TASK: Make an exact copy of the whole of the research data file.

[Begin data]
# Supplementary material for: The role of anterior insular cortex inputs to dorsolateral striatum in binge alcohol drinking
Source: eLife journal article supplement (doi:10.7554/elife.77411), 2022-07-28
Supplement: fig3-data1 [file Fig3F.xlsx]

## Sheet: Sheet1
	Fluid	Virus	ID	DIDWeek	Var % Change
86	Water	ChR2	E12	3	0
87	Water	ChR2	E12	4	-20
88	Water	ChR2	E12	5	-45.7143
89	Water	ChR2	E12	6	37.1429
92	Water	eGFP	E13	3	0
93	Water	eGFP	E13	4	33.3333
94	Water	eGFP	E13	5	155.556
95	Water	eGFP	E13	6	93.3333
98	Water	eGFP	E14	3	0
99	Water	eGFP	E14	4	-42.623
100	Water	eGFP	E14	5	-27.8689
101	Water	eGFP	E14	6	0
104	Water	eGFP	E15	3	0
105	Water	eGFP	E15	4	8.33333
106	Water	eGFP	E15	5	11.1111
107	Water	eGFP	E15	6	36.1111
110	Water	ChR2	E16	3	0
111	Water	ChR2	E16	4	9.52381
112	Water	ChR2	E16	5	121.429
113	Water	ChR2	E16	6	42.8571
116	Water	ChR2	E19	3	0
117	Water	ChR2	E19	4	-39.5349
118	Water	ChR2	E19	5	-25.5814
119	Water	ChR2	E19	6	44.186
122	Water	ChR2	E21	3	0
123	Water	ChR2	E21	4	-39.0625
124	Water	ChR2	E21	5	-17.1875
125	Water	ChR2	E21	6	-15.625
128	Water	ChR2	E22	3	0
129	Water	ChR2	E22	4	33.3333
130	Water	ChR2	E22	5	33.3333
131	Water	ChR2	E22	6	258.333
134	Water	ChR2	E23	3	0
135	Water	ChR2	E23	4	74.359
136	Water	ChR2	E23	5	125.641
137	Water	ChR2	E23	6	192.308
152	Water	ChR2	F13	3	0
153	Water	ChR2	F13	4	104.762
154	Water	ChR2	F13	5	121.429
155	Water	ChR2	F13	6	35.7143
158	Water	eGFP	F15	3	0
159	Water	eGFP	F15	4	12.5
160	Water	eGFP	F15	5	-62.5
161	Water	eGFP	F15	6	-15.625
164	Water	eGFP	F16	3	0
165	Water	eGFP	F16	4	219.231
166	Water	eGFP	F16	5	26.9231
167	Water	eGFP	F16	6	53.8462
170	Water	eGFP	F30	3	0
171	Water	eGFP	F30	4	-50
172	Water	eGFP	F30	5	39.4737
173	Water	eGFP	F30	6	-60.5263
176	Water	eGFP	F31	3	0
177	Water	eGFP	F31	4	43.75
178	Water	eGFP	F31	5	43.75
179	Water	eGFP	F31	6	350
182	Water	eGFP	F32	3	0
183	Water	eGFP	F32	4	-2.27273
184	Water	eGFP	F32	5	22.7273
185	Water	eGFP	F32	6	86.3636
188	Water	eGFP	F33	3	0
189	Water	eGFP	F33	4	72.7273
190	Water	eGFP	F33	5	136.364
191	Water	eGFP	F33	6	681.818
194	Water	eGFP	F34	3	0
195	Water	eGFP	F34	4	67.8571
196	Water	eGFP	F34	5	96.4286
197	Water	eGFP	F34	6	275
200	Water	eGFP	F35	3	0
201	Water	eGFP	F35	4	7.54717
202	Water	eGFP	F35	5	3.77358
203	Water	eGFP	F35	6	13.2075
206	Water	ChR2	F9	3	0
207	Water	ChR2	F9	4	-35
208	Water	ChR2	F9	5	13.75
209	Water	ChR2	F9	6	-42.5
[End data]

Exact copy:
# Supplementary material for: The role of anterior insular cortex inputs to dorsolateral striatum in binge alcohol drinking
Source: eLife journal article supplement (doi:10.7554/elife.77411), 2022-07-28
Supplement: fig3-data1 [file Fig3F.xlsx]

## Sheet: Sheet1
	Fluid	Virus	ID	DIDWeek	Var % Change
86	Water	ChR2	E12	3	0
87	Water	ChR2	E12	4	-20
88	Water	ChR2	E12	5	-45.7143
89	Water	ChR2	E12	6	37.1429
92	Water	eGFP	E13	3	0
93	Water	eGFP	E13	4	33.3333
94	Water	eGFP	E13	5	155.556
95	Water	eGFP	E13	6	93.3333
98	Water	eGFP	E14	3	0
99	Water	eGFP	E14	4	-42.623
100	Water	eGFP	E14	5	-27.8689
101	Water	eGFP	E14	6	0
104	Water	eGFP	E15	3	0
105	Water	eGFP	E15	4	8.33333
106	Water	eGFP	E15	5	11.1111
107	Water	eGFP	E15	6	36.1111
110	Water	ChR2	E16	3	0
111	Water	ChR2	E16	4	9.52381
112	Water	ChR2	E16	5	121.429
113	Water	ChR2	E16	6	42.8571
116	Water	ChR2	E19	3	0
117	Water	ChR2	E19	4	-39.5349
118	Water	ChR2	E19	5	-25.5814
119	Water	ChR2	E19	6	44.186
122	Water	ChR2	E21	3	0
123	Water	ChR2	E21	4	-39.0625
124	Water	ChR2	E21	5	-17.1875
125	Water	ChR2	E21	6	-15.625
128	Water	ChR2	E22	3	0
129	Water	ChR2	E22	4	33.3333
130	Water	ChR2	E22	5	33.3333
131	Water	ChR2	E22	6	258.333
134	Water	ChR2	E23	3	0
135	Water	ChR2	E23	4	74.359
136	Water	ChR2	E23	5	125.641
137	Water	ChR2	E23	6	192.308
152	Water	ChR2	F13	3	0
153	Water	ChR2	F13	4	104.762
154	Water	ChR2	F13	5	121.429
155	Water	ChR2	F13	6	35.7143
158	Water	eGFP	F15	3	0
159	Water	eGFP	F15	4	12.5
160	Water	eGFP	F15	5	-62.5
161	Water	eGFP	F15	6	-15.625
164	Water	eGFP	F16	3	0
165	Water	eGFP	F16	4	219.231
166	Water	eGFP	F16	5	26.9231
167	Water	eGFP	F16	6	53.8462
170	Water	eGFP	F30	3	0
171	Water	eGFP	F30	4	-50
172	Water	eGFP	F30	5	39.4737
173	Water	eGFP	F30	6	-60.5263
176	Water	eGFP	F31	3	0
177	Water	eGFP	F31	4	43.75
178	Water	eGFP	F31	5	43.75
179	Water	eGFP	F31	6	350
182	Water	eGFP	F32	3	0
183	Water	eGFP	F32	4	-2.27273
184	Water	eGFP	F32	5	22.7273
185	Water	eGFP	F32	6	86.3636
188	Water	eGFP	F33	3	0
189	Water	eGFP	F33	4	72.7273
190	Water	eGFP	F33	5	136.364
191	Water	eGFP	F33	6	681.818
194	Water	eGFP	F34	3	0
195	Water	eGFP	F34	4	67.8571
196	Water	eGFP	F34	5	96.4286
197	Water	eGFP	F34	6	275
200	Water	eGFP	F35	3	0
201	Water	eGFP	F35	4	7.54717
202	Water	eGFP	F35	5	3.77358
203	Water	eGFP	F35	6	13.2075
206	Water	ChR2	F9	3	0
207	Water	ChR2	F9	4	-35
208	Water	ChR2	F9	5	13.75
209	Water	ChR2	F9	6	-42.5